Charlie Hebdo & Uncomfortable Freedoms
As I listened to the news of the murders at Charlie Hebdo I cried. Battling with writers block at the time I was forced to confront the very free and ephemeral nature of my struggle and that my fear was solely for my own lack of productivity rather than persecution for the outcome of my labour. Anyone who puts their creativity ‘out there’ from blogging to fine art runs the risk of ridicule or dislike alongside the possibility of appreciation. Tracey Emins 1998 ‘My bed’ seems to evoke particular vitriol. Perhaps the gamut of responses is to be more expected in the world of social media where anonymity can afford for speedy and unconstricted ideas to find a mass audience in seconds, but to once again know that people had in the 21st century lost their lives for expressing themselves, their politics, art and ideas was a confronting reality. As a therapist who writes it was particularly poignant to hear that one of those who lost their life was the psychoanalyst and columnist Elsa Cayat.
As someone with strong connections to North Africa I am aware of the polarisation that is often underlined in moments like this, and the inevitable backlash against Islam from those who fail to see the actions of extremists as distinct and non-representative. We can only hope that the long-term legacy of this tragedy can be a reassertion of freedom not reductionist constraint.
In extremis and trauma the casualty is always the capacity to think, to play and explore. The brittle and defensive often compels us to more primitive ways of being; survival, fight, flight, or freeze. In the words of Malala Yousafzai to the UN General Assembly in 2013 “We realise the importance of light when we see darkness. We realise the importance of our voice when we are silenced”. Her response to a regime that sought to exterminate her both as individual and symbol tells us that it is precisely in these moments of oppression and terror that we need freedom of speech, art and creativity, something of ambiguity that leaves us with questions and a sense of not knowing. This is the opposite of traumatic shock. In our transaction with art and literature we are free to choose to look and engage or look away. Around the world there are those losing their lives for that which many of us take for granted. I hope that we can honour their courage by fighting to maintain the place for equality of expression and difference in the written, spoken and visual, even if it makes us uncomfortable.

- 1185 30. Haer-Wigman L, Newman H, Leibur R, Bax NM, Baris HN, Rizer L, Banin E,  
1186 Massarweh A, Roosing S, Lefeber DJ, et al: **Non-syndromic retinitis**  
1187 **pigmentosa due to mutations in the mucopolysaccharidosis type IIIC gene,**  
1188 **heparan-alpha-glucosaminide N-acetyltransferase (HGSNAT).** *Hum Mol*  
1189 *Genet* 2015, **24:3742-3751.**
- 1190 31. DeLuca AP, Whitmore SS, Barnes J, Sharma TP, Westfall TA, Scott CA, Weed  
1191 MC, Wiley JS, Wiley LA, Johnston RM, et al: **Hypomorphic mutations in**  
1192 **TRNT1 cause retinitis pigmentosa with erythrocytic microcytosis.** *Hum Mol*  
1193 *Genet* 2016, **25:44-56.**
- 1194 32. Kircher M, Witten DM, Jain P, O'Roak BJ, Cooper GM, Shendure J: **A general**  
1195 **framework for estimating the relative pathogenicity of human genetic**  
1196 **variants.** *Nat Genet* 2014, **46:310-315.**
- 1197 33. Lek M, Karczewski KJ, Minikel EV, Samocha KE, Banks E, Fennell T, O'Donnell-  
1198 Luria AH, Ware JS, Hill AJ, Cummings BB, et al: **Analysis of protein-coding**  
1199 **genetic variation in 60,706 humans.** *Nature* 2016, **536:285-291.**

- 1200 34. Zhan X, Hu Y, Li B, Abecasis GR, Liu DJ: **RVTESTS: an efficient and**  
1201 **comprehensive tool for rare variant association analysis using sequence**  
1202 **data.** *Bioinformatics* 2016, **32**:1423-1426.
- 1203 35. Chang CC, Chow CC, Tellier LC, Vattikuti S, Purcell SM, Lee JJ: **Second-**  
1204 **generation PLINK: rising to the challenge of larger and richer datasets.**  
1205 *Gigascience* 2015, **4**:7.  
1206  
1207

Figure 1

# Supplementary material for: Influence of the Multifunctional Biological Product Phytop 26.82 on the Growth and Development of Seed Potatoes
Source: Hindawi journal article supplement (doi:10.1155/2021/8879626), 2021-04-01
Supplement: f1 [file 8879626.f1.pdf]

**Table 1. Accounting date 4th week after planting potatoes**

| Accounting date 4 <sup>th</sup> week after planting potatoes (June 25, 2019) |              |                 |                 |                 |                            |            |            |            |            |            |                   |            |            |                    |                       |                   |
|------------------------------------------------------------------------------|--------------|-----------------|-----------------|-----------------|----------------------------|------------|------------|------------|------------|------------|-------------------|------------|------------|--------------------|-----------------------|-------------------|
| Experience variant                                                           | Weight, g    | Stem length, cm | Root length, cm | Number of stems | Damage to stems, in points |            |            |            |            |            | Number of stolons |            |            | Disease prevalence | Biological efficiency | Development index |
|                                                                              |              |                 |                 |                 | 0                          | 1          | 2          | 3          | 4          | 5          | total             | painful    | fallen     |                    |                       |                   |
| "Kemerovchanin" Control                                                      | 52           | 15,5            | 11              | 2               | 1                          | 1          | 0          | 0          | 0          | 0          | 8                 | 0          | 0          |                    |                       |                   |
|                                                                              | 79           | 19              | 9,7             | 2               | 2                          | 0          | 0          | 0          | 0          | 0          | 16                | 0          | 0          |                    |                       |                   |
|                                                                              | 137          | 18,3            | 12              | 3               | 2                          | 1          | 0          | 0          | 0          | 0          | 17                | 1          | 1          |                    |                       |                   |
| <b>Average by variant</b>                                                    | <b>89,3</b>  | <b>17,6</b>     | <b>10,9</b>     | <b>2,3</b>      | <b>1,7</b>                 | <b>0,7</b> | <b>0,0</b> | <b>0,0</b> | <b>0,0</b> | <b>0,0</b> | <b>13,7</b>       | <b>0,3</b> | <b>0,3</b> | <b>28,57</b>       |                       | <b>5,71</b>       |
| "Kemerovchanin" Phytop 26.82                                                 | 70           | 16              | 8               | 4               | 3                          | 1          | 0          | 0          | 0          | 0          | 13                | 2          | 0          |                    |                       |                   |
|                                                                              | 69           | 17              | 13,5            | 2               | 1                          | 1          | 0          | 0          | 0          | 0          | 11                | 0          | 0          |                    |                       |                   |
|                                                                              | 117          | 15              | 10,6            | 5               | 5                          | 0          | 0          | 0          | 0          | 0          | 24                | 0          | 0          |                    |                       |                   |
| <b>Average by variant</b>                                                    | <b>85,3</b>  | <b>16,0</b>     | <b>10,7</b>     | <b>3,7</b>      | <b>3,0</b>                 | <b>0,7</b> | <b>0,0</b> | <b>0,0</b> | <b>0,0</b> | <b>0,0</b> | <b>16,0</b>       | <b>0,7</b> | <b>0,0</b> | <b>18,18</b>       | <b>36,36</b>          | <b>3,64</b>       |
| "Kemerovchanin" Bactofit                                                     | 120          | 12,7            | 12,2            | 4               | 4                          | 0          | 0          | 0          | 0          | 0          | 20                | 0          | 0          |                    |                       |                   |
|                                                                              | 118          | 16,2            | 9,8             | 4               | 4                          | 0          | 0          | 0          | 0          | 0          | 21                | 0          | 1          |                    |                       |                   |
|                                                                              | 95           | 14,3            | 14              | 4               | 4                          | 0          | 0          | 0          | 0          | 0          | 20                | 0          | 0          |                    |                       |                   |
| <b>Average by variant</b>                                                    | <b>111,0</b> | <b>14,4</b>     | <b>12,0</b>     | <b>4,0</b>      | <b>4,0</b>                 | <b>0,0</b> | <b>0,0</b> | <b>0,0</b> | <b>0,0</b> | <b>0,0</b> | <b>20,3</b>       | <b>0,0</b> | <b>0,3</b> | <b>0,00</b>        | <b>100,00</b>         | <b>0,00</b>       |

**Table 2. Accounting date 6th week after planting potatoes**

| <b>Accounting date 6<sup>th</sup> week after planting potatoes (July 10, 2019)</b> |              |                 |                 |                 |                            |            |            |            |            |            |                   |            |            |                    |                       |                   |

There are lots of ways to invest and you may know that Liechtenstein (with a population of less than 40,000) is one of those countries that provides the opportunity for “offshore investing”. Offshore investment is essentially a decision to defer paying tax until it suits the investor to do so, often when their income or assets or both mean that they do not pay tax at the highest possible rate. You may have read reports that some well-known French have decided to leave their country due to a 75% rate of tax. Be warned though, HMRC have become increasingly concerned about tax evasion and the distinction between tax avoidance and tax evasion seems to be deliberately blurred by Government making advice to use “tax avoiding schemes” considerably more prone to investigation by HMRC.
Liechtenstein has entered into an agreement with HMRC called LDF -or Liechtenstein Disclosure Facility, essentially an initiative to report income to HMRC if it is believed that UK tax is thought to be payable. In short, this is a window of opportunity for those with assets held in Liechtenstein to report their upaid tax to HMRC. In other words, people that know tax is due but have not declared income or assets to HMRC can do so and not suffer the usual penalties for tax evasion (which can include a spell in prison). The window of opportunity closes on 5th April 2016 – so plenty of time for the moment, but I would advise anyone in this position to get on with the process.
This should not be confused with an entirely different opening for a different Lichtenstein, the American pop artist Roy Lichtenstein. The Tate Modern are showing a new exhibition from 21st February and you can now book tickets. Lichtenstein would have been 90 this year. As an investment, Roy Lichtenstein is very collectable, in May last year a piece called “Sleeping Girl” sold for nearly $45m at Sotheby’s in New York. So making sure that you don’t muddle your Lichtenstein with Liechtenstein will make a significant difference to your wealth. If you fancy a look at Sotheby’s in action, there is a significant evening auction in London on 12th February with works by Basquiat, Richter and Bacon.